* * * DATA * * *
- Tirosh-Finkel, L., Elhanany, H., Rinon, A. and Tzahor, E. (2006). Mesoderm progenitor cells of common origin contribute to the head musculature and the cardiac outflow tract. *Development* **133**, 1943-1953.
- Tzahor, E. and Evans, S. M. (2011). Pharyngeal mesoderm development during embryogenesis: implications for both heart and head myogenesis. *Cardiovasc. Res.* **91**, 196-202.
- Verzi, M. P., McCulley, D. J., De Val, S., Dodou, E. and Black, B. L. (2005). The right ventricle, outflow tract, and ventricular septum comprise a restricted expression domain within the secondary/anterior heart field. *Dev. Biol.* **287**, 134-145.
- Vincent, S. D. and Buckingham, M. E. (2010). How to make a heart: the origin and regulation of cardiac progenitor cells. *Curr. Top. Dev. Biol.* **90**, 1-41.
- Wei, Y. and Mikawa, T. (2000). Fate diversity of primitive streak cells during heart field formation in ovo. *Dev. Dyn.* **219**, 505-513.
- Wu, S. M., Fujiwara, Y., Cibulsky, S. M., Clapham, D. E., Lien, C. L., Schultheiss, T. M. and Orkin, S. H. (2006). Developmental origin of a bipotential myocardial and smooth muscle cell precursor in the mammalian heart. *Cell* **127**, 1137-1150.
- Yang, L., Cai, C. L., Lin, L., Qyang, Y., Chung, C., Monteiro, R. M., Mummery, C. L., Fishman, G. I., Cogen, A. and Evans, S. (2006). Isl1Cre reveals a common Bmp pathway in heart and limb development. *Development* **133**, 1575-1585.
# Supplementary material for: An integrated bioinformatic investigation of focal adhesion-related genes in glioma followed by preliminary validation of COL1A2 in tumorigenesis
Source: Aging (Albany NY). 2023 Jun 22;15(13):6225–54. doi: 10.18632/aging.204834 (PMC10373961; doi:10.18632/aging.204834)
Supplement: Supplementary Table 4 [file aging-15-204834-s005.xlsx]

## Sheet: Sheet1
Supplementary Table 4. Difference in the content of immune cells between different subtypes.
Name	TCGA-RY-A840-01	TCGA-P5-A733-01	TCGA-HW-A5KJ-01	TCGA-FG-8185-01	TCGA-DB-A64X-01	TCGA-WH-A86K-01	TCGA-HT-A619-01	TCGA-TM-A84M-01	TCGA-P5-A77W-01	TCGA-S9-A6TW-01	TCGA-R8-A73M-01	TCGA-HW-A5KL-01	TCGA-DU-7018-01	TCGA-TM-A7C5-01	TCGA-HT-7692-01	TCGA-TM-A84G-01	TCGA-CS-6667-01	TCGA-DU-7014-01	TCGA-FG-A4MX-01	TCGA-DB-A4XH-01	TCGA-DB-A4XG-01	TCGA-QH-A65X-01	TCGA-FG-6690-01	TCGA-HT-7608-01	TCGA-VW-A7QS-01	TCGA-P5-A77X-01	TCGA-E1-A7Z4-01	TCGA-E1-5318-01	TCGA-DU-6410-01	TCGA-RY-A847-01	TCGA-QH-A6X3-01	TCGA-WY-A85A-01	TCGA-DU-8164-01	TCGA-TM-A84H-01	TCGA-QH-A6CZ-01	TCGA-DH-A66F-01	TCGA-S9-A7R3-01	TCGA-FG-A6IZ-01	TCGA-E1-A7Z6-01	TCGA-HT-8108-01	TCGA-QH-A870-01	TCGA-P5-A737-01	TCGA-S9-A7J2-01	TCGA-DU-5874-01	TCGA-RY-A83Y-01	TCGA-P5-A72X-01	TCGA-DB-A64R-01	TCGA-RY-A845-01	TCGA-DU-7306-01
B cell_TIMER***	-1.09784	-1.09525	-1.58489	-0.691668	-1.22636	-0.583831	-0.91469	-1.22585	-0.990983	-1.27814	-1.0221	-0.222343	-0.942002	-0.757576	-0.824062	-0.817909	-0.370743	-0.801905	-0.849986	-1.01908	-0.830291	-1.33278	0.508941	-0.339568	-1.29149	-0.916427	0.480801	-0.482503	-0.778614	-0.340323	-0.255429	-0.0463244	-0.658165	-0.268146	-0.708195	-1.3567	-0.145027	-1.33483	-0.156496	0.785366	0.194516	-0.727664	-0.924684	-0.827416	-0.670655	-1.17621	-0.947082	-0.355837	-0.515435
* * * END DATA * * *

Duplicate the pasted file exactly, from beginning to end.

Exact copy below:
- Tirosh-Finkel, L., Elhanany, H., Rinon, A. and Tzahor, E. (2006). Mesoderm progenitor cells of common origin contribute to the head musculature and the cardiac outflow tract. *Development* **133**, 1943-1953.
- Tzahor, E. and Evans, S. M. (2011). Pharyngeal mesoderm development during embryogenesis: implications for both heart and head myogenesis. *Cardiovasc. Res.* **91**, 196-202.
- Verzi, M. P., McCulley, D. J., De Val, S., Dodou, E. and Black, B. L. (2005). The right ventricle, outflow tract, and ventricular septum comprise a restricted expression domain within the secondary/anterior heart field. *Dev. Biol.* **287**, 134-145.
- Vincent, S. D. and Buckingham, M. E. (2010). How to make a heart: the origin and regulation of cardiac progenitor cells. *Curr. Top. Dev. Biol.* **90**, 1-41.
- Wei, Y. and Mikawa, T. (2000). Fate diversity of primitive streak cells during heart field formation in ovo. *Dev. Dyn.* **219**, 505-513.
- Wu, S. M., Fujiwara, Y., Cibulsky, S. M., Clapham, D. E., Lien, C. L., Schultheiss, T. M. and Orkin, S. H. (2006). Developmental origin of a bipotential myocardial and smooth muscle cell precursor in the mammalian heart. *Cell* **127**, 1137-1150.
- Yang, L., Cai, C. L., Lin, L., Qyang, Y., Chung, C., Monteiro, R. M., Mummery, C. L., Fishman, G. I., Cogen, A. and Evans, S. (2006). Isl1Cre reveals a common Bmp pathway in heart and limb development. *Development* **133**, 1575-1585.
# Supplementary material for: An integrated bioinformatic investigation of focal adhesion-related genes in glioma followed by preliminary validation of COL1A2 in tumorigenesis
Source: Aging (Albany NY). 2023 Jun 22;15(13):6225–54. doi: 10.18632/aging.204834 (PMC10373961; doi:10.18632/aging.204834)
Supplement: Supplementary Table 4 [file aging-15-204834-s005.xlsx]

## Sheet: Sheet1
Supplementary Table 4. Difference in the content of immune cells between different subtypes.
Name	TCGA-RY-A840-01	TCGA-P5-A733-01	TCGA-HW-A5KJ-01	TCGA-FG-8185-01	TCGA-DB-A64X-01	TCGA-WH-A86K-01	TCGA-HT-A619-01	TCGA-TM-A84M-01	TCGA-P5-A77W-01	TCGA-S9-A6TW-01	TCGA-R8-A73M-01	TCGA-HW-A5KL-01	TCGA-DU-7018-01	TCGA-TM-A7C5-01	TCGA-HT-7692-01	TCGA-TM-A84G-01	TCGA-CS-6667-01	TCGA-DU-7014-01	TCGA-FG-A4MX-01	TCGA-DB-A4XH-01	TCGA-DB-A4XG-01	TCGA-QH-A65X-01	TCGA-FG-6690-01	TCGA-HT-7608-01	TCGA-VW-A7QS-01	TCGA-P5-A77X-01	TCGA-E1-A7Z4-01	TCGA-E1-5318-01	TCGA-DU-6410-01	TCGA-RY-A847-01	TCGA-QH-A6X3-01	TCGA-WY-A85A-01	TCGA-DU-8164-01	TCGA-TM-A84H-01	TCGA-QH-A6CZ-01	TCGA-DH-A66F-01	TCGA-S9-A7R3-01	TCGA-FG-A6IZ-01	TCGA-E1-A7Z6-01	TCGA-HT-8108-01	TCGA-QH-A870-01	TCGA-P5-A737-01	TCGA-S9-A7J2-01	TCGA-DU-5874-01	TCGA-RY-A83Y-01	TCGA-P5-A72X-01	TCGA-DB-A64R-01	TCGA-RY-A845-01	TCGA-DU-7306-01
B cell_TIMER***	-1.09784	-1.09525	-1.58489	-0.691668	-1.22636	-0.583831	-0.91469	-1.22585	-0.990983	-1.27814	-1.0221	-0.222343	-0.942002	-0.757576	-0.824062	-0.817909	-0.370743	-0.801905	-0.849986	-1.01908	-0.830291	-1.33278	0.508941	-0.339568	-1.29149	-0.916427	0.480801	-0.482503	-0.778614	-0.340323	-0.255429	-0.0463244	-0.658165	-0.268146	-0.708195	-1.3567	-0.145027	-1.33483	-0.156496	0.785366	0.194516	-0.727664	-0.924684	-0.827416	-0.670655	-1.17621	-0.947082	-0.355837	-0.515435